It was in July of 1915 when a German embassy worker left his briefcase in a New York subway car, exposing his country’s 38 million dollar intelligence operation to bombard American public libraries with wartime propaganda. Since the U.S. had declared their neutrality during the outbreak of the First World War, Germany sought to persuade Americans through their reading habits. The clandestine placing pro-German / anti-England publications in public libraries throughout the United States was successful until the briefcase incident; no one in America was pleased with Germany’s (now awkward) attempt to influence them.
No one is England was pleased either. Realizing a propaganda counter-attack was needed, the British Prime Minister helped create a secret publishing firm hidden in Wellington House—a government building in charge of social security payments. Although the goal was to the same as Germany’s, the dissemination of pro-England material in American public libraries, the British needed their campaign to far more delicate and understated. They also employed a secret weapon which had not occurred to their German counterparts: A Canadian.
Those involved with the Wellington House operation knew that no one was more loyal to the Crown or knew the American temperament better than the Canadians, so they enlisted the help of Canadian novelist Gilbert Parker. His novels ‘The Trail of the Sword’ and ‘The Battle of the Strong’ had been bestsellers in the States, and Parker had frequently toured there. Eager to help, Parker was immediately put in charge of Wellington House. His advice was invaluable.
“Democracy” Parker counselled, was the one thing Americans values above all else, so their publications needed to stress this. For example, enemy forces need to be described not as despotic or tyrannical, but “antidemocratic.” He also told them that since “there is a common belief in the United States that England is using the war to profit its dominions and colonies,” the publications they print must state the conflict is between “France and her Allies.” Parker also felt books by British authors would be well received by libraries in the Eastern and Southern States. The Midwest, he cautioned, has a large German-American population. Books sent to libraries there need to be by Belgian or French authors.
Helping Parker write pro-England propaganda was a who’s who of early 20th century writers: Hope Hawkins (The Prisoner of Zenda), Arthur Conan Doyle (Sherlock Holmes), Emile Durkheim (Sociology & Its Scientific Domain), Ford Madox Ford (The Inheritors), Gilbert Murray (History of Ancient Greek Literature), Arnold Toynbee (A Study of History), Owen Wister (The Virginian), and H.G. Wells (War of the Worlds).
Now Parker would either take an existing publication, like George H. Doran’s popular ‘J’accuse,’ or a new one like his own ‘The World in the Crucible: An Account of the Origins and Conduct of the Great War,’ and have it translated into French. It would then be re-translated into English, printed in Switzerland, and then stamped with “Paris Chamber of Commerce” in black ink. These were then sent to an operative in the U.S., who would mark them as bookstore remainders, and then use a library jobber to sell them to public libraries. What acquisition librarians saw was an English translation of a French book published in Switzerland (the most neutral country ever), handed out or promoted by the Paris Chamber of Commerce, and now offered at a hefty discount. Tens of thousands of Wellington House publications found there way onto the shelves of public libraries this way.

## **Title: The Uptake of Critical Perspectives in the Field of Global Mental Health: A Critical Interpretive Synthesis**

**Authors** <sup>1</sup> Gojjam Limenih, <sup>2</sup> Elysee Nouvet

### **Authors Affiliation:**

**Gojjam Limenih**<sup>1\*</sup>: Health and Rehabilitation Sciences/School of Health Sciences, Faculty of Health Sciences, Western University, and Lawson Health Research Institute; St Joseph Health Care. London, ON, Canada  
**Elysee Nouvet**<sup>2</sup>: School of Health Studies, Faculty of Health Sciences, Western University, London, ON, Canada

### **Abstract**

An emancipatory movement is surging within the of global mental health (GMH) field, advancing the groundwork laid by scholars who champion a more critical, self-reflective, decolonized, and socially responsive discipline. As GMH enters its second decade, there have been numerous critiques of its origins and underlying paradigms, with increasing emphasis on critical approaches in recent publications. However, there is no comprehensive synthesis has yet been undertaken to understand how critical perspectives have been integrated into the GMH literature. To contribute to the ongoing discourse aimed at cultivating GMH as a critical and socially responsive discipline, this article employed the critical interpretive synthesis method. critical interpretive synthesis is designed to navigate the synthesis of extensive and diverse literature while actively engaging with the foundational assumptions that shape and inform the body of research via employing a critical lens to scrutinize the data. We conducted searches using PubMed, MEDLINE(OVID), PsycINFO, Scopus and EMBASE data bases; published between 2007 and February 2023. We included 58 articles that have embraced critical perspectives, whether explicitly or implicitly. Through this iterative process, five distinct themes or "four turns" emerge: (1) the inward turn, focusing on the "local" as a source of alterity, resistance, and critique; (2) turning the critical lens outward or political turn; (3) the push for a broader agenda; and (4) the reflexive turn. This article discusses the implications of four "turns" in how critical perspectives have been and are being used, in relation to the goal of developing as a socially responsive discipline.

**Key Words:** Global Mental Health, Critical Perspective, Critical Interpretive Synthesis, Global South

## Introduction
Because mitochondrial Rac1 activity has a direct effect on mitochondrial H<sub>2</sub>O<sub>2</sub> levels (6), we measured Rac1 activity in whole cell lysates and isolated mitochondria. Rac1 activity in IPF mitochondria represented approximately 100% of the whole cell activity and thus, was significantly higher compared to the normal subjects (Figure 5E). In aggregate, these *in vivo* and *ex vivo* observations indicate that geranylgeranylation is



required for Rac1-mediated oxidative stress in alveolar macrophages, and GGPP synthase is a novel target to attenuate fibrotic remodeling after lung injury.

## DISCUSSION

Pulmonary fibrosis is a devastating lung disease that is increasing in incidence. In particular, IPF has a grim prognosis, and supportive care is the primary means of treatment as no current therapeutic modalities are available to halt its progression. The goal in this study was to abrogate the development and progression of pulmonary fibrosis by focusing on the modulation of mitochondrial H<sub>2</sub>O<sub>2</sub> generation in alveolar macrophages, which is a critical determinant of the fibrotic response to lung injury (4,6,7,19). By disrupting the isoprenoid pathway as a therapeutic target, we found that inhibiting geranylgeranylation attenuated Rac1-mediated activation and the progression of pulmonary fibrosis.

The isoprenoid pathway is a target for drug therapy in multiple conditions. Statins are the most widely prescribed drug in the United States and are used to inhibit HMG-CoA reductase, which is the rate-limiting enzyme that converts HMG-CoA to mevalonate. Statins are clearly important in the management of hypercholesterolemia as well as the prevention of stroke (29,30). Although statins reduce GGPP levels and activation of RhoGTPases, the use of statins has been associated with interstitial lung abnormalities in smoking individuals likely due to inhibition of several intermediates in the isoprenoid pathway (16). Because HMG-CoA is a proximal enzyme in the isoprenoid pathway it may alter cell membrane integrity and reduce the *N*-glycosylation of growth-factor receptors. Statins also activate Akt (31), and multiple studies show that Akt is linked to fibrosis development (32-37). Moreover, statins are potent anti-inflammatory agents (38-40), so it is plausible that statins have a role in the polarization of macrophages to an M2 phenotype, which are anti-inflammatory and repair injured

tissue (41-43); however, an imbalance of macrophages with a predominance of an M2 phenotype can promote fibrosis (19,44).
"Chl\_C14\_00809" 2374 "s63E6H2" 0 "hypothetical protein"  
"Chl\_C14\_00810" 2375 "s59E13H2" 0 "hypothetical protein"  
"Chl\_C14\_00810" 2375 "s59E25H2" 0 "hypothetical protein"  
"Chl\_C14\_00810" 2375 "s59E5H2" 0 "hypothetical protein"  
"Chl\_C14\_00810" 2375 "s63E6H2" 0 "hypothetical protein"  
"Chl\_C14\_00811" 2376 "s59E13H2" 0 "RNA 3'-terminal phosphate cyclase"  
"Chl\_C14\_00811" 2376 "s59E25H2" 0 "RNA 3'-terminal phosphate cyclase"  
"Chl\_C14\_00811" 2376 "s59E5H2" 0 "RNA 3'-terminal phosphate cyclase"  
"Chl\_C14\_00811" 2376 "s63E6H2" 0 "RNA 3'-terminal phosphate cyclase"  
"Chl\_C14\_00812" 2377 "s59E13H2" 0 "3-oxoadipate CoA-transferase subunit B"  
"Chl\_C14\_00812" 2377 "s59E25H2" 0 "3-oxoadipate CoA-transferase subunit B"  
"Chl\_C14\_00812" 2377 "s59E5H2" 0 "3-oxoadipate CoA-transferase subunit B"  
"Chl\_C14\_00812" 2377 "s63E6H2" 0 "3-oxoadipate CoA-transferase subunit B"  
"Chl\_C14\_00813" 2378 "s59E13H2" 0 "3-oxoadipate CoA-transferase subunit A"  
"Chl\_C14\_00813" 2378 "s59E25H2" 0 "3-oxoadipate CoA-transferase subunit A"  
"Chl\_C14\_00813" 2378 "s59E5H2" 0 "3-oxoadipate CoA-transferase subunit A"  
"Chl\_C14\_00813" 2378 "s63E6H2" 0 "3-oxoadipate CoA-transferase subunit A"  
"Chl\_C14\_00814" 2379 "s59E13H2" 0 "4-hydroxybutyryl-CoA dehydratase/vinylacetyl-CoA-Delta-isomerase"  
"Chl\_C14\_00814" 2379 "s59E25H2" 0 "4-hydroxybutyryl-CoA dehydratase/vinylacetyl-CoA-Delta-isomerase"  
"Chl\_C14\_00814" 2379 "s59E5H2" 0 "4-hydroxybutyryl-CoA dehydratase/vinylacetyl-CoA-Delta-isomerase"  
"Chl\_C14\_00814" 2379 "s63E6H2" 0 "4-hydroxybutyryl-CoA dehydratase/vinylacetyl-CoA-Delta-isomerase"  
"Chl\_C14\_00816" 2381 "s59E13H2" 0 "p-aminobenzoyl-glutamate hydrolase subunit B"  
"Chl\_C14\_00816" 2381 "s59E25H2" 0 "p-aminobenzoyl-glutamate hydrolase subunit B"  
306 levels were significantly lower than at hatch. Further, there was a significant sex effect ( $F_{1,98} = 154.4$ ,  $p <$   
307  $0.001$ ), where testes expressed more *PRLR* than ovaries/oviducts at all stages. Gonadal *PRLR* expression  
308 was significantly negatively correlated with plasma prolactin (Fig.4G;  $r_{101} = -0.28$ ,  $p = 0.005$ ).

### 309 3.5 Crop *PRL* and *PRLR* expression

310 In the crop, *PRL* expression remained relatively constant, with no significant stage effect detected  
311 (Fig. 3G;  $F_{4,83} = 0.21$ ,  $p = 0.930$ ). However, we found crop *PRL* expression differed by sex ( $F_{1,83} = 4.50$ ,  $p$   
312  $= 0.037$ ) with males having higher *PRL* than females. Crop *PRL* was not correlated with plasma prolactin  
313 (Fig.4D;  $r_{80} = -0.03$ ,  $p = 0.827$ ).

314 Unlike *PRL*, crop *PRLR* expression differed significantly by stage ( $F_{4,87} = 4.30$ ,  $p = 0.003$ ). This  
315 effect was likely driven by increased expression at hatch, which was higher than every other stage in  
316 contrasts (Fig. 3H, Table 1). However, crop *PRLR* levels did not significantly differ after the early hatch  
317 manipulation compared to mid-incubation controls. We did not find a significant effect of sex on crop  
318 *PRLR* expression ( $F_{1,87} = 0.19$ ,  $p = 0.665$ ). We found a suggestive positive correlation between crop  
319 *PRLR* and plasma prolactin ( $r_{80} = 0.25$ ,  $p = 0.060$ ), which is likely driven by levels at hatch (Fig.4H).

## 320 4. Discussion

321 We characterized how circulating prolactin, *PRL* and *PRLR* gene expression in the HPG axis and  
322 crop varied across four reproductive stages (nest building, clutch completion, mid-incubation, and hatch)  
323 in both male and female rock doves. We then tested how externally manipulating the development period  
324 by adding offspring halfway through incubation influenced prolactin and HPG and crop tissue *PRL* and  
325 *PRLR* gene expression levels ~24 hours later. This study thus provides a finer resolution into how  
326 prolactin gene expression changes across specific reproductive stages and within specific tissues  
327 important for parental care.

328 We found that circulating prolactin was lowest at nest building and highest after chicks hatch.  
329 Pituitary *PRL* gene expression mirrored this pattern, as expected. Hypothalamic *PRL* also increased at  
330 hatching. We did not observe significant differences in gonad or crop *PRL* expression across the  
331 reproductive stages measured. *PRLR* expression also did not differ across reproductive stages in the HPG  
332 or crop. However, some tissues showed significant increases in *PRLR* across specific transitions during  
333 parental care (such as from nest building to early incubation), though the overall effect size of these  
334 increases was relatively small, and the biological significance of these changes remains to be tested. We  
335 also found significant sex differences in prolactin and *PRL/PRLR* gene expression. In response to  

A less clandestine but no less effective method was to have one of the more popular writers, like Arthur Conan Doyle, simply autograph a box of a books (like Doyle’s ‘The German War’) and ship it to a pubic library. The box would also come with a handwritten card to the librarian, stating “a gift, with compliments from Sir Arthur Conan Doyle.” A gift like this was difficult at best to return or discard.
Parker and Wellington House continued to secretly place pro-England materials this way up until April of 1917, when the United States finally joined the Allies and declared war on Germany. The battle for the American Public Library waged by the German Information Service and later by England’s Wellington House was over.
It is unknown whether either side’s campaign resulted in an ounce of persuasion.
Knowledge of England’s propaganda operation was as welcome as the German one had been. A library patron in Oregon felt the Wellington House publications snuck into his library could “only have a tendency to incite race hatred…they neither have historical nor educational value.”
Mike Selby is Reference Librarian at the Cranbrook Public Library